Have you ever had a maid in your house? Yes? What do you call them, then? Do you mistreated them?
Mixed emotions as people read the Story of Alex Tizon entitled “My Family’s Slave”.
Alex Tizon was died last March. He was a journalist and the author of Big Little Man: In search of my Asian Self.
In his article in THE ATLANTIC, he summarized the story of their Family’s Slave named Eudocia Tomas Pulido, a 4’11 woman who is already working for them since she was 18 years old, his Grandfather gave Lola to his mother as a gift. They never paid the old woman and they scolded her constantly but despite the mistreatment she got from his family, she never left.
Throughout the story, Tizon expressed disgust over his family’s treatment to the old woman as well as his inability to do anything to help her. Eventually, Tizon’s Mother has died and decided to bring the old woman with him, who then strived to treat her better, give her allowance and even let the old woman to go home on her 83rd birthday to Tarlac.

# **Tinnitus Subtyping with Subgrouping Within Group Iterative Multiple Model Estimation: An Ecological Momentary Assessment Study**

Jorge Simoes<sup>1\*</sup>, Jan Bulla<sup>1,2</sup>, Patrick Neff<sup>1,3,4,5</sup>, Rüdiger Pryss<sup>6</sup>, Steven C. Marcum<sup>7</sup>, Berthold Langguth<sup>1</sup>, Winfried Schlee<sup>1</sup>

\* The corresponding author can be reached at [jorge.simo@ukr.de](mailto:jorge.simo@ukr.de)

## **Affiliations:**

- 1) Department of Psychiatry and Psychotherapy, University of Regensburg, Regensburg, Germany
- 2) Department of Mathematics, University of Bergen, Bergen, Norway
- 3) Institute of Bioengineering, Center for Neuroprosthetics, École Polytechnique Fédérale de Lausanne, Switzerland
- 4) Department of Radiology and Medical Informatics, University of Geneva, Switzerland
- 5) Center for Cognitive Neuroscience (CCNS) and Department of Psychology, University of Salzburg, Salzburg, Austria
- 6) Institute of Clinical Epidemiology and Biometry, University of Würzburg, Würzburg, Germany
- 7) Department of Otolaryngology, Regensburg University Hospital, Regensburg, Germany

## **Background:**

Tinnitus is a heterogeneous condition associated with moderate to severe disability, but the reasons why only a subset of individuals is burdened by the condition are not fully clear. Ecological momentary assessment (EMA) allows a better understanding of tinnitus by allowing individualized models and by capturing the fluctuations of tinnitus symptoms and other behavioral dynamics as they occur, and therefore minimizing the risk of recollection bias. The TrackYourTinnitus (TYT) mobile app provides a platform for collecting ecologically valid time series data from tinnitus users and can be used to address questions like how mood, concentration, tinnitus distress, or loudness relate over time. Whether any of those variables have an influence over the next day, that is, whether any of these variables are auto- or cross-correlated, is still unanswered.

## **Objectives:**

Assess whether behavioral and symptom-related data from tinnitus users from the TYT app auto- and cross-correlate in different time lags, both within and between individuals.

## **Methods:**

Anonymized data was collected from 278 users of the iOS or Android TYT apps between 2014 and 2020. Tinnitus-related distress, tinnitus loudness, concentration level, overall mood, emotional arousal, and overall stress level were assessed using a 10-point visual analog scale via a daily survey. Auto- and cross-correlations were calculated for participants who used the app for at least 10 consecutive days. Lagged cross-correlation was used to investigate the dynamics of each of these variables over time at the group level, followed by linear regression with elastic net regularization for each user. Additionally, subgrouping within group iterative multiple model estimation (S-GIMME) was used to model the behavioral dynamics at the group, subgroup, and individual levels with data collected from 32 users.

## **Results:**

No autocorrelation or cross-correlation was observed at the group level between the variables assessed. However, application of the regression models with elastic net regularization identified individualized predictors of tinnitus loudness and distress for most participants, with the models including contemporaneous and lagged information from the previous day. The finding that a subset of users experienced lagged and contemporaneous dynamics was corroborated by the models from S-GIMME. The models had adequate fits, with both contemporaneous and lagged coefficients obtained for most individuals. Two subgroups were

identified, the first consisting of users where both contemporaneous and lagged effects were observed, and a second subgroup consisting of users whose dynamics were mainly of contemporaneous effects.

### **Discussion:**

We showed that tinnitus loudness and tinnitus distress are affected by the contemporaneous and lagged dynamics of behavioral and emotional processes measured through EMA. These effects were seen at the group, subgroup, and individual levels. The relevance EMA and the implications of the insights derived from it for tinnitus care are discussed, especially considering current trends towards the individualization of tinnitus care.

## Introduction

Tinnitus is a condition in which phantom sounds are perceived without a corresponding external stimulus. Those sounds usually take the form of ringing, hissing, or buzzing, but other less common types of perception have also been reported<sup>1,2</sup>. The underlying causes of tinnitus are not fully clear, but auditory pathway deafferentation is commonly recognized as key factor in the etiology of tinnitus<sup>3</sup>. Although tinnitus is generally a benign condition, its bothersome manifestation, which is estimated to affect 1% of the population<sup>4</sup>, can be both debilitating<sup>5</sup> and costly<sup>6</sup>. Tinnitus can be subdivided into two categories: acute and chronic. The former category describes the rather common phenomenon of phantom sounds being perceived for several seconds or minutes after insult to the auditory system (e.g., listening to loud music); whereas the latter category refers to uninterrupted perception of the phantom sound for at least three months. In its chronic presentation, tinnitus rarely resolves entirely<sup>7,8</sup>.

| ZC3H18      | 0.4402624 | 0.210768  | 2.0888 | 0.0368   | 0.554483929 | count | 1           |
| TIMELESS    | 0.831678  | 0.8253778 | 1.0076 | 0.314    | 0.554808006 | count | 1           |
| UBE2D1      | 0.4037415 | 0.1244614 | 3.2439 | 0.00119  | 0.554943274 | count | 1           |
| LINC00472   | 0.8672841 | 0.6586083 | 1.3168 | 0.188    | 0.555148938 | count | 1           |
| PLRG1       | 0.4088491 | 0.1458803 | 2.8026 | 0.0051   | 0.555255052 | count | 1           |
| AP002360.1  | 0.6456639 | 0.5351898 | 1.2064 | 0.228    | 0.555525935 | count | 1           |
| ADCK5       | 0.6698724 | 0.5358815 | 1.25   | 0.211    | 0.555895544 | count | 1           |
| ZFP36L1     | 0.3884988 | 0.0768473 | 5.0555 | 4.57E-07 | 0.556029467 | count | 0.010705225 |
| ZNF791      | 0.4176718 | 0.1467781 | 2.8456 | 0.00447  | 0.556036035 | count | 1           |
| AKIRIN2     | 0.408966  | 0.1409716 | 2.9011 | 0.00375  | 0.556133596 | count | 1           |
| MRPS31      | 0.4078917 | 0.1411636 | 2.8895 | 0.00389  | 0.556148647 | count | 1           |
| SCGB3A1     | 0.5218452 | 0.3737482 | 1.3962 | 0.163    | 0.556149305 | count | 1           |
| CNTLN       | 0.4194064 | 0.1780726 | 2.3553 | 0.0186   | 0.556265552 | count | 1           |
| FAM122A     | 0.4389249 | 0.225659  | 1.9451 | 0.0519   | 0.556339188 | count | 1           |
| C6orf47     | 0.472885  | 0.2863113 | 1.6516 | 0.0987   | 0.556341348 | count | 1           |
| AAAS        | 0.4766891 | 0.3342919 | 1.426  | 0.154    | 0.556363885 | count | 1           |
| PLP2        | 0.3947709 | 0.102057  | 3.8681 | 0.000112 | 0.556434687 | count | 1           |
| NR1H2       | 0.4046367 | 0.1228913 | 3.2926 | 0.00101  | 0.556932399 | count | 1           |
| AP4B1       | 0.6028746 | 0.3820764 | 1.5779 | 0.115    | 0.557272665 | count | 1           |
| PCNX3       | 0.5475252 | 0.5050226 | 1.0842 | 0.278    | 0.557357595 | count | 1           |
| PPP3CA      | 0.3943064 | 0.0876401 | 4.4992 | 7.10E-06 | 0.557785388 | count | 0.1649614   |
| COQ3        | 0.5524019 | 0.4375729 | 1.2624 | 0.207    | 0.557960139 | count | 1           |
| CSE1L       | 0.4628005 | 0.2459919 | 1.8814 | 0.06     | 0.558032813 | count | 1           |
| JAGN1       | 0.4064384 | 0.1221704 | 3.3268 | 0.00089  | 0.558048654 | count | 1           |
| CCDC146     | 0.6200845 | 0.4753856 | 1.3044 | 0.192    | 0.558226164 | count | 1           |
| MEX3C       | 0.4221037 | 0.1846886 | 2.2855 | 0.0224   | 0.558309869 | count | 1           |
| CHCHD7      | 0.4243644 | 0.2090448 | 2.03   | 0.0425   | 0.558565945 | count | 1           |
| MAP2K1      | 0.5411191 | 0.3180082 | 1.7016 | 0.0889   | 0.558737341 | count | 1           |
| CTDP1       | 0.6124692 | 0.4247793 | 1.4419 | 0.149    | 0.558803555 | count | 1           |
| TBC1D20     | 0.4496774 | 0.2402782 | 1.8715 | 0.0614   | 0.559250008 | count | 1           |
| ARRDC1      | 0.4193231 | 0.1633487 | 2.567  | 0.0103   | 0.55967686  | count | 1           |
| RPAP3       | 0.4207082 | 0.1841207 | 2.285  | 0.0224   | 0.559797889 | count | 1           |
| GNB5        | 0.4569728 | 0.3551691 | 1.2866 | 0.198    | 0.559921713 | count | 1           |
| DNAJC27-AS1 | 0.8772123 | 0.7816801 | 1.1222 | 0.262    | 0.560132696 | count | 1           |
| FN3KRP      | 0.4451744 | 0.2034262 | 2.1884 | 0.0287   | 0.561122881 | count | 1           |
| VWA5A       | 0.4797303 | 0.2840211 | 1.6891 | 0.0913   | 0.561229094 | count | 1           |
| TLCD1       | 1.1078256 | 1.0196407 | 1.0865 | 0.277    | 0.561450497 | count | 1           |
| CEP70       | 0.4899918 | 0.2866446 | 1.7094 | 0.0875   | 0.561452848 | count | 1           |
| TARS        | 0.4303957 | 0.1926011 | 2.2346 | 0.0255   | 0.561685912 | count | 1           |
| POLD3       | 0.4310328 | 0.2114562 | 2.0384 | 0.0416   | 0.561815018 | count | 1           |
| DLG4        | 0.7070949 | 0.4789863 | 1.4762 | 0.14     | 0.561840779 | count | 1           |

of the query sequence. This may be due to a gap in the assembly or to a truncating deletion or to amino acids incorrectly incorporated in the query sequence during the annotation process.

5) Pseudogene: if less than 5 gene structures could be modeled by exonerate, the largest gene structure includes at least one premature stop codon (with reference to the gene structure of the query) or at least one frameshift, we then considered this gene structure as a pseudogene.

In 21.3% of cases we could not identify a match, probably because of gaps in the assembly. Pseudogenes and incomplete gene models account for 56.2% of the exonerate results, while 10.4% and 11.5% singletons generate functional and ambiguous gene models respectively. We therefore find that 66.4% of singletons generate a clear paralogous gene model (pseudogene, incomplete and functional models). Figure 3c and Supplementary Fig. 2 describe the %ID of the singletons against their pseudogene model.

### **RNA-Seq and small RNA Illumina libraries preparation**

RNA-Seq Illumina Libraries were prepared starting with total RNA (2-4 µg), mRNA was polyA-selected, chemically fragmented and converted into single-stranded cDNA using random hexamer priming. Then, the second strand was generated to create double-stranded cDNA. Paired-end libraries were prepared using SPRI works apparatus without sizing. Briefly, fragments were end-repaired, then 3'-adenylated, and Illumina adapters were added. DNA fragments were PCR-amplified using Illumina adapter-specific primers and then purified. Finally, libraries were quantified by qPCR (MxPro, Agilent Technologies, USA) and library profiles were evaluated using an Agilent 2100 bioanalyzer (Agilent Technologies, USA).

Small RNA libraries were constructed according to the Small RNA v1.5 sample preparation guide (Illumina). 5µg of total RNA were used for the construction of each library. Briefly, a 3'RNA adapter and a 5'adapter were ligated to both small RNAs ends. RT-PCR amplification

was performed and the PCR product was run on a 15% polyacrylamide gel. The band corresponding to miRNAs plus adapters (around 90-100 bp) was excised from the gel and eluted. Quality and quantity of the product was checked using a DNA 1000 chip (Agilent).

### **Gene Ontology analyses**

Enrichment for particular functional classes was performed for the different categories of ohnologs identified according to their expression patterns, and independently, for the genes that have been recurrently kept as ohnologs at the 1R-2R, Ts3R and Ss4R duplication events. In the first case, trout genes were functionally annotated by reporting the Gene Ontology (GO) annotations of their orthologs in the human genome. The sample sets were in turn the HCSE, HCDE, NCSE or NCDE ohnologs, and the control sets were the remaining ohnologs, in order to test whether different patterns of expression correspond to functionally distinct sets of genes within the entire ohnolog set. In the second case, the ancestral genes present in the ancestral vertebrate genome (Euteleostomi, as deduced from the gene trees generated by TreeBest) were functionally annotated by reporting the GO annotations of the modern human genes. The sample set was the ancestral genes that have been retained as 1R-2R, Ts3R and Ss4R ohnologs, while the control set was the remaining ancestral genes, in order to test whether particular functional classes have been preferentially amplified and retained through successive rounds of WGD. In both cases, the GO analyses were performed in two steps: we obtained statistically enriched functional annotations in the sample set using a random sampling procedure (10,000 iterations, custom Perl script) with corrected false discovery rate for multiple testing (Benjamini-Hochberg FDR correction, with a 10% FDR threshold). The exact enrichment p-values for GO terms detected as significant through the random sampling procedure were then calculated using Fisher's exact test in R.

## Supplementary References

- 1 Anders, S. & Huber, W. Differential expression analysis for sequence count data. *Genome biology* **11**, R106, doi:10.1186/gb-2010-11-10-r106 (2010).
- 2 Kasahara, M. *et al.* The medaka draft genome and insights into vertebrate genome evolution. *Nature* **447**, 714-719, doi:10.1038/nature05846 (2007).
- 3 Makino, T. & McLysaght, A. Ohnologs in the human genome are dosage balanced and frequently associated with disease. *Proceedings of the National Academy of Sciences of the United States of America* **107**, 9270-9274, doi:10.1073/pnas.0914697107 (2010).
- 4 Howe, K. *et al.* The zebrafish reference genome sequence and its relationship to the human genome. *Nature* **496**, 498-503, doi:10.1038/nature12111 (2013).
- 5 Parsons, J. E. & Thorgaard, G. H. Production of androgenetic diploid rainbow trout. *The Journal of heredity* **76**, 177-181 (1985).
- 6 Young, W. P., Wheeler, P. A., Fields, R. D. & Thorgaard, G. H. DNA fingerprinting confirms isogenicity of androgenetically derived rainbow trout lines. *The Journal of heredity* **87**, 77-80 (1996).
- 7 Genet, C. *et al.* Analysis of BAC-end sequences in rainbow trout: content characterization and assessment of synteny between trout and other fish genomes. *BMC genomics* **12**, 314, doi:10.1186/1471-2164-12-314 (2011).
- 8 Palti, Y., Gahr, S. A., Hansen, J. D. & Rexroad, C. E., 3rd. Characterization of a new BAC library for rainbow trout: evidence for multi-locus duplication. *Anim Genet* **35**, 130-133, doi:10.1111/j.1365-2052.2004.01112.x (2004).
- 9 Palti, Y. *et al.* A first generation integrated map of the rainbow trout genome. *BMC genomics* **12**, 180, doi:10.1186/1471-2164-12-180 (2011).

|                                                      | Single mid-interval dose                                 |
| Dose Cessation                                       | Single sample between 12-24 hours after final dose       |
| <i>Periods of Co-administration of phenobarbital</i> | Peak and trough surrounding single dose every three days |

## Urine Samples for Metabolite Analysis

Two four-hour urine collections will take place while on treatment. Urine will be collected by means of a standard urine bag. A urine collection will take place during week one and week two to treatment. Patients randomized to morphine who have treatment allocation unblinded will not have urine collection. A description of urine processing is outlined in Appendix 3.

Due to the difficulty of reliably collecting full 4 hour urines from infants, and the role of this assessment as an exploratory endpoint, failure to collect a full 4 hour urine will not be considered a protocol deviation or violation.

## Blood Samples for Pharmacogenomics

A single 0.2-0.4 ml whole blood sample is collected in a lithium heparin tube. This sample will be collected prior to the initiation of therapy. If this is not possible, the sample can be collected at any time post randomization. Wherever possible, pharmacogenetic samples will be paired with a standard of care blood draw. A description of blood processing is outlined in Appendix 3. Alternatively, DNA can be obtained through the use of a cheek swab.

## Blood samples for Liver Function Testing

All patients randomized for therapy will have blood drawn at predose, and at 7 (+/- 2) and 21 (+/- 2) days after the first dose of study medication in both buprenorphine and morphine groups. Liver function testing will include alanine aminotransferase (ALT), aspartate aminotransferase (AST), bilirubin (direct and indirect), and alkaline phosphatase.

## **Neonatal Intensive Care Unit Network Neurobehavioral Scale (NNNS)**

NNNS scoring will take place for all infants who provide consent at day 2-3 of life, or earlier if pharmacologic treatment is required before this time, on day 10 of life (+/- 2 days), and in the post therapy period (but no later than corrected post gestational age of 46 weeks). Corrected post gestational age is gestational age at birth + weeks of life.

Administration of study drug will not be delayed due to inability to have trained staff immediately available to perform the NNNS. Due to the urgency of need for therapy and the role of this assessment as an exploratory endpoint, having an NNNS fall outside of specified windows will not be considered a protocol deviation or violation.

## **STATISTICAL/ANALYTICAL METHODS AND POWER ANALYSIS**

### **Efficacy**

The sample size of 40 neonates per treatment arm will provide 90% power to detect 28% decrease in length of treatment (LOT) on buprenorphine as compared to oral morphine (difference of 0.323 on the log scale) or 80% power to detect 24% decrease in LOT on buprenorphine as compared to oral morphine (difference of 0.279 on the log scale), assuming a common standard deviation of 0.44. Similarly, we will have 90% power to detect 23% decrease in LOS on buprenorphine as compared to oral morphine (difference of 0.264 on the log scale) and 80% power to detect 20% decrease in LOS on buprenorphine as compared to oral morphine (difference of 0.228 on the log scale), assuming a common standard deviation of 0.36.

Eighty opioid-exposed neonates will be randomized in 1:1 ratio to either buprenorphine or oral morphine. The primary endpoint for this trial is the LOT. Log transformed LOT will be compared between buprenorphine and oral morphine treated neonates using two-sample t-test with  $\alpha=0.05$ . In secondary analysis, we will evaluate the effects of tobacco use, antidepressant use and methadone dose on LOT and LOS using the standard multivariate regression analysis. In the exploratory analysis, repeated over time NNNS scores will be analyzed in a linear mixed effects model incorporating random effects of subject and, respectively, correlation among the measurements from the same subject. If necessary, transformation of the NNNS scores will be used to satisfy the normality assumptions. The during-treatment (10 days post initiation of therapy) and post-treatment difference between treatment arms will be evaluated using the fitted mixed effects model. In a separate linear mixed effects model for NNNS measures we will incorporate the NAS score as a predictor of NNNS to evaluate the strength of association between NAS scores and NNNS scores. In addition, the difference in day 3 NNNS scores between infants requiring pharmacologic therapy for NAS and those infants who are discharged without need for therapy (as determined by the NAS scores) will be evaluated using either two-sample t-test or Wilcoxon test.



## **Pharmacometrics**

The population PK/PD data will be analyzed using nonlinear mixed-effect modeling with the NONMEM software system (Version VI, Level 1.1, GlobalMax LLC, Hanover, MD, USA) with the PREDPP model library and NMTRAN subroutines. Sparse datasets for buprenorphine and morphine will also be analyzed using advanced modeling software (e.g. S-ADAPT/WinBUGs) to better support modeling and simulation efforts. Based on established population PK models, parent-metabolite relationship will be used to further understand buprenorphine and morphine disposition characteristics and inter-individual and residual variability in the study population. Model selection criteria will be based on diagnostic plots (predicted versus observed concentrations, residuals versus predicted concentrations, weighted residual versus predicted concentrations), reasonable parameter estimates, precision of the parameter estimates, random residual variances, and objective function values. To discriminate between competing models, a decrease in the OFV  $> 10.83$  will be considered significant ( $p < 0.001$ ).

The story struck a chord to many Filipinos, many of whom defended Tizon and insisted that they should understand their culture and history for them to appreciate the Story and writers perspective.
While many Filipino maids are seen as second mothers and are attended to when they get old, slavery and its modern equivalent—underpaid domestic helpers—are deeply rooted in Philippine society. Today, employing household help is still the norm for many Filipino families. Many have “stay-in” maids like Pulido who cook, do laundry, and look after children in exchange for a small monthly salary. The minimum wage for domestic helpers in the Manila metro area is around $50 per month, much lower than the minimum wage for other jobs at about $260. Because most are not hired through established agencies, many families also pay less than the amount prescribed by the government. Quartz Media